Celebrating living heritage, honouring the past: National Aboriginal Day

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Kate Aley

Logo of the First Nations tribe in the Municipality of Pontiac.

June 21 is Canada's National Aboriginal Day (NAD), created to recognize the history, culture and contributions of First Nations, Inuit and Métis peoples. According to the Indigenous and Northern Affairs page of Canada.ca website, the Canadian Constitution recognizes these three groups as Aboriginal peoples, also known as Indigenous Peoples.

Pontiac 2020.ca asked Quyon's Garry Belair, Chief White Owl, now in his fifth year of leadership of the Pontiac Algonkin Outaouais tribe, to explain the significance of the day.


Garry Belair, Chief White Owl with two moose-hide drums

P2020.ca: What does NAD symbolize?

Garry Belair: It was created to recognize the First Nations' contributions to this country and all that indigenous people did for Canada. 

P2020.ca: Why isn't NAD more widely known?

GB: It was something kept hush-hush for a long time. Before 1996, people weren't declaring themselves to be aboriginal [if they lived] off reserve. You weren't talking about it. It's just that there was a bad reputation about native people. Other people in Canada used to think of them as people on welfare, abusing the system, free-loading on the government.


The feather is a deeply siginificant symbol for First Nations.

P2020.ca: What has changed?

GB: Now with the revelations from the Truth and Reconciliation Commission (TRC), we know what happened to the native people [in an attempt] to abolish them. They recognize it more, the rights of native people. The [findings from] the TRC were a big part of the recognition of the native people. Now a lot of people are going to the "red road", that's what we call it, seeking spiritual guidance from the First Nations culture. People are really seeking it [...] both non-native people and native people [who don't know about their native background]. We've been doing a lot of research, [making] family trees. People want to find out their roots, it's something to be proud of now.


Beautiful skies for the summer solstice

P2020.ca: Personally, how do you see Aboriginal Day?

GB: It's a day of thinking about our elders, thanking them for what they did for us and for what we have today. It's also a way to say thank you to the greater spirits for what they have given us. The 21st of June is the longest day of the year; that's why they gave us that day [for the NAD], because we always used to use that day for our celebrations.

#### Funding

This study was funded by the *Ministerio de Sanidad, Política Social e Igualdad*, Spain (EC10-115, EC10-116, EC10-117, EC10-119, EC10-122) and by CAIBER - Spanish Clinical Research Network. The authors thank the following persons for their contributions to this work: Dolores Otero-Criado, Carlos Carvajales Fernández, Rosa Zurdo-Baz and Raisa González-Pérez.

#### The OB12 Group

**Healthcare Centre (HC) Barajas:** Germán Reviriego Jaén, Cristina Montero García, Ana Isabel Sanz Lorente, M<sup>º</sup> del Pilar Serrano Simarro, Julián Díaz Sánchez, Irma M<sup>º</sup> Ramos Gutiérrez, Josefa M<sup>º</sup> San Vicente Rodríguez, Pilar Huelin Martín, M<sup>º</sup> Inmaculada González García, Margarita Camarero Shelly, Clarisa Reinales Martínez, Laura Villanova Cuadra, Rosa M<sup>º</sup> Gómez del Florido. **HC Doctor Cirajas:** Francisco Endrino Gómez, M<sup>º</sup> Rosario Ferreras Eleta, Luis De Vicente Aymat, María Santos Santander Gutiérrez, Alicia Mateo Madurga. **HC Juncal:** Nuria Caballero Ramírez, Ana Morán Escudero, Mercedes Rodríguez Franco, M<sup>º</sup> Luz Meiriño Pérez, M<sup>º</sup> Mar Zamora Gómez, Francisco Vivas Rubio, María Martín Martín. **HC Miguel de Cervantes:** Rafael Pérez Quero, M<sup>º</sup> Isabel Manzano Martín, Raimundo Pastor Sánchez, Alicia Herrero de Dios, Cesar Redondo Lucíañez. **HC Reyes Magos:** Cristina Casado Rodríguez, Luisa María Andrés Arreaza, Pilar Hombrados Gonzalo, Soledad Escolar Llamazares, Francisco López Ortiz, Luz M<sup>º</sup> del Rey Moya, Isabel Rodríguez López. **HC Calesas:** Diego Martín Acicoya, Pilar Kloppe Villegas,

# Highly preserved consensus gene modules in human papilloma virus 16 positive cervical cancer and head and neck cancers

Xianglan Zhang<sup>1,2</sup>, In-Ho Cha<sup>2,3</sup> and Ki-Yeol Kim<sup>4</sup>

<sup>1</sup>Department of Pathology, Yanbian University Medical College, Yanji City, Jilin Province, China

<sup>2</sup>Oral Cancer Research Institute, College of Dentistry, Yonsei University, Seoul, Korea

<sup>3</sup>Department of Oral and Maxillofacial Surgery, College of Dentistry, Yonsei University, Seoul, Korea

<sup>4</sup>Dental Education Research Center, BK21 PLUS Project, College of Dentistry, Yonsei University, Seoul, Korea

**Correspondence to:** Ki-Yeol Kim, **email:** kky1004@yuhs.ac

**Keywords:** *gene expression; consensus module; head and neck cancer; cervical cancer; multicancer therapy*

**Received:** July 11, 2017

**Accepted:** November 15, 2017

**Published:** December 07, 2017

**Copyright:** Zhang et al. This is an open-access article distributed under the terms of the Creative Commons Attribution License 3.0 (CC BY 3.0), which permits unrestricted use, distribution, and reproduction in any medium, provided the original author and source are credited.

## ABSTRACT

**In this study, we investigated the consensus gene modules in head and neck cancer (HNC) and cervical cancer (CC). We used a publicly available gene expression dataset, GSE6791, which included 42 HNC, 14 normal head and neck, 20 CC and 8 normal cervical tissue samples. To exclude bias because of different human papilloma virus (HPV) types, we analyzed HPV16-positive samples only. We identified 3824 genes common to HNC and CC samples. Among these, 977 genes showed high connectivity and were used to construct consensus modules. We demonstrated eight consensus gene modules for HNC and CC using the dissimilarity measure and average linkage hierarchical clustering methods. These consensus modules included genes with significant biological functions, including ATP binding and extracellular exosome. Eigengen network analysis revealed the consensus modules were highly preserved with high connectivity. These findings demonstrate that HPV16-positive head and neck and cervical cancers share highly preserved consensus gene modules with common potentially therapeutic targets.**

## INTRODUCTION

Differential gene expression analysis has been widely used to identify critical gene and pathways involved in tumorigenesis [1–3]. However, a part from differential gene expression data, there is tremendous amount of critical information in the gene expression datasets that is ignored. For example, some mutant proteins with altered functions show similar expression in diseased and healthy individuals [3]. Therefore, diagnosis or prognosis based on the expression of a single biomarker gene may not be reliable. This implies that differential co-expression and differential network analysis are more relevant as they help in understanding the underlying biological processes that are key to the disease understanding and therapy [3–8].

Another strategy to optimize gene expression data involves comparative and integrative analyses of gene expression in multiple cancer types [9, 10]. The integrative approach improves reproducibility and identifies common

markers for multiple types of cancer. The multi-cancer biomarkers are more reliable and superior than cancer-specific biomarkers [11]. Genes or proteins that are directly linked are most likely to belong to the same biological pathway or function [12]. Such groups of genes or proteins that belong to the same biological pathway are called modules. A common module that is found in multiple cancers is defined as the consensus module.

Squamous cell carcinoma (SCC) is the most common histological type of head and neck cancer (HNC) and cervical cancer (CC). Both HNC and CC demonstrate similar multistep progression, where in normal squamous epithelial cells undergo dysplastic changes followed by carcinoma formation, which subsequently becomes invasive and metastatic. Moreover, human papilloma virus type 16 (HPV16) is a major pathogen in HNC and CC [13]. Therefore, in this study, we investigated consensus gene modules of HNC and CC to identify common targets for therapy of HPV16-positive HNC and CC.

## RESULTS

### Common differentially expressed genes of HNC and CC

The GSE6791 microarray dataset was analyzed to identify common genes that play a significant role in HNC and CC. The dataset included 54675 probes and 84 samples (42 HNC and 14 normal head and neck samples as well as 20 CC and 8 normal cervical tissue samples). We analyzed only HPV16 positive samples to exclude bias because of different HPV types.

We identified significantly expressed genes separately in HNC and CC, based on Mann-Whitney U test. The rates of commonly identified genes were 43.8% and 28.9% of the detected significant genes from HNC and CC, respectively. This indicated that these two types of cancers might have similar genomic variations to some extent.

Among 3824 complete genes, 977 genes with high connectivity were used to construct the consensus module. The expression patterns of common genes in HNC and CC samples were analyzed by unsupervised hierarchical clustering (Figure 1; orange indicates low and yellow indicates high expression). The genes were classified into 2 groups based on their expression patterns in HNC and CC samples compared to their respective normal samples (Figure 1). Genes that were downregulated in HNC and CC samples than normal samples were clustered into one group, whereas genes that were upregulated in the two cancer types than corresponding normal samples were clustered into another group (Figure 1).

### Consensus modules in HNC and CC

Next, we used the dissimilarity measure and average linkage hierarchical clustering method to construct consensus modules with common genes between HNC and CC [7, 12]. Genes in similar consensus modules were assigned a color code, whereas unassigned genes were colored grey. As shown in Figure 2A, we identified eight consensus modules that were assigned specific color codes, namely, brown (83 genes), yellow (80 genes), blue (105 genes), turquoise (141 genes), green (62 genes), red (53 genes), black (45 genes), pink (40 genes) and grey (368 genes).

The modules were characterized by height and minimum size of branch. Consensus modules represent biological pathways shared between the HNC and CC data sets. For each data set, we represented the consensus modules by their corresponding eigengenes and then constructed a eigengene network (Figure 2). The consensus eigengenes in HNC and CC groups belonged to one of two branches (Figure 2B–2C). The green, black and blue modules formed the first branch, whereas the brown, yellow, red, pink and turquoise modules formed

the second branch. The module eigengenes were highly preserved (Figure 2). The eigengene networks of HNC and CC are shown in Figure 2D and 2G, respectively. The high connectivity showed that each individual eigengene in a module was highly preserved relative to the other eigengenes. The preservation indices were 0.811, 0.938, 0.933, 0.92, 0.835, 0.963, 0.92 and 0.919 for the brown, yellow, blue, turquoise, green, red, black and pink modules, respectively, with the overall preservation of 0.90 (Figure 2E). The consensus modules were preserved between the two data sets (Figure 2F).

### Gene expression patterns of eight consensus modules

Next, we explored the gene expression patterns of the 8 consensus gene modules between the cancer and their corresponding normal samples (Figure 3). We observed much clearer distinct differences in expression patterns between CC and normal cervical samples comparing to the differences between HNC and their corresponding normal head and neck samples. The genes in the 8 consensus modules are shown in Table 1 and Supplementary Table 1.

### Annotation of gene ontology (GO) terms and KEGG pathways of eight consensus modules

Today there will be a spiritual ceremony on Victoria Island. There's always a big ceremony there, every different tribe comes to celebrate in their own way; smudging, drumming to celebrate that day. We thank Mother Earth and Father sun, because we are grateful for what they've given us.

Nos autres nouvelles / Our other News

Warming up for Christmas at the Santa Claus Parade

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Kate Aley

Once more the Quyon Lions' Club Santa Claus Parade, held Saturday December 9, was a great success. Warmly-dressed families lined the streets to enjoy the decorated floats, horses and of course, St. Nick himself. As the Beach Barn is conspicuously absent this year, the parade's normal route was reversed, with participants gathering at the Ste. Marie's Catholic church parking lot and walking down the hill to the intersection with Clarendon. From there, the parade continued to the Onslow Elementary School gym where hot food and drinks were served as kids lined up to speak to Santa about a few important matters.

Slippery sh*t: unidentified effluent causes accident

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Kate Aley

A serious single-vehicle roll-over was caused early morning on December 4 by a deep slick of some kind of waste matter spilled on Highway 148 near Parker Road in Luskville. Pools of what appeared to be septic waste or liquid animal manure were at least two or three meters in length and possibly 4 cm in depth, according to witnesses.

Christmas House Tour lights up the night

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Kate Aley

The houses on the Quyon Pastoral Charge Christmas House Tour warmly received 150 visitors this year. Five family homes in Quyon and Luskville were decorated to perfection to the appreciation of all. Above, the Draper homestead in Luskville.

Scheer in Pontiac: We shouldn’t let the politics of envy divide one group of Canadians against another

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Thomas Soulière

SHAWVILLE — The leader of the Conservative Party of Canada spent the first day of December visiting the federal riding of Pontiac with stops in Campbell’s Bay, Fort Coulonge and Shawville to speak to farmers, small business owners and voters about the CPC’s position on the Liberal government’s tax policy and to show the Conservative’s strong support of supply management.

It's beginning to look a lot like Christmas: Luskville craft bazaar

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Kate Aley

Slippery driving and chilly weather did not deter participants from attending the annual craft bazaar and breakfast event at the Luskville Community Centre on Sunday, November 19th.

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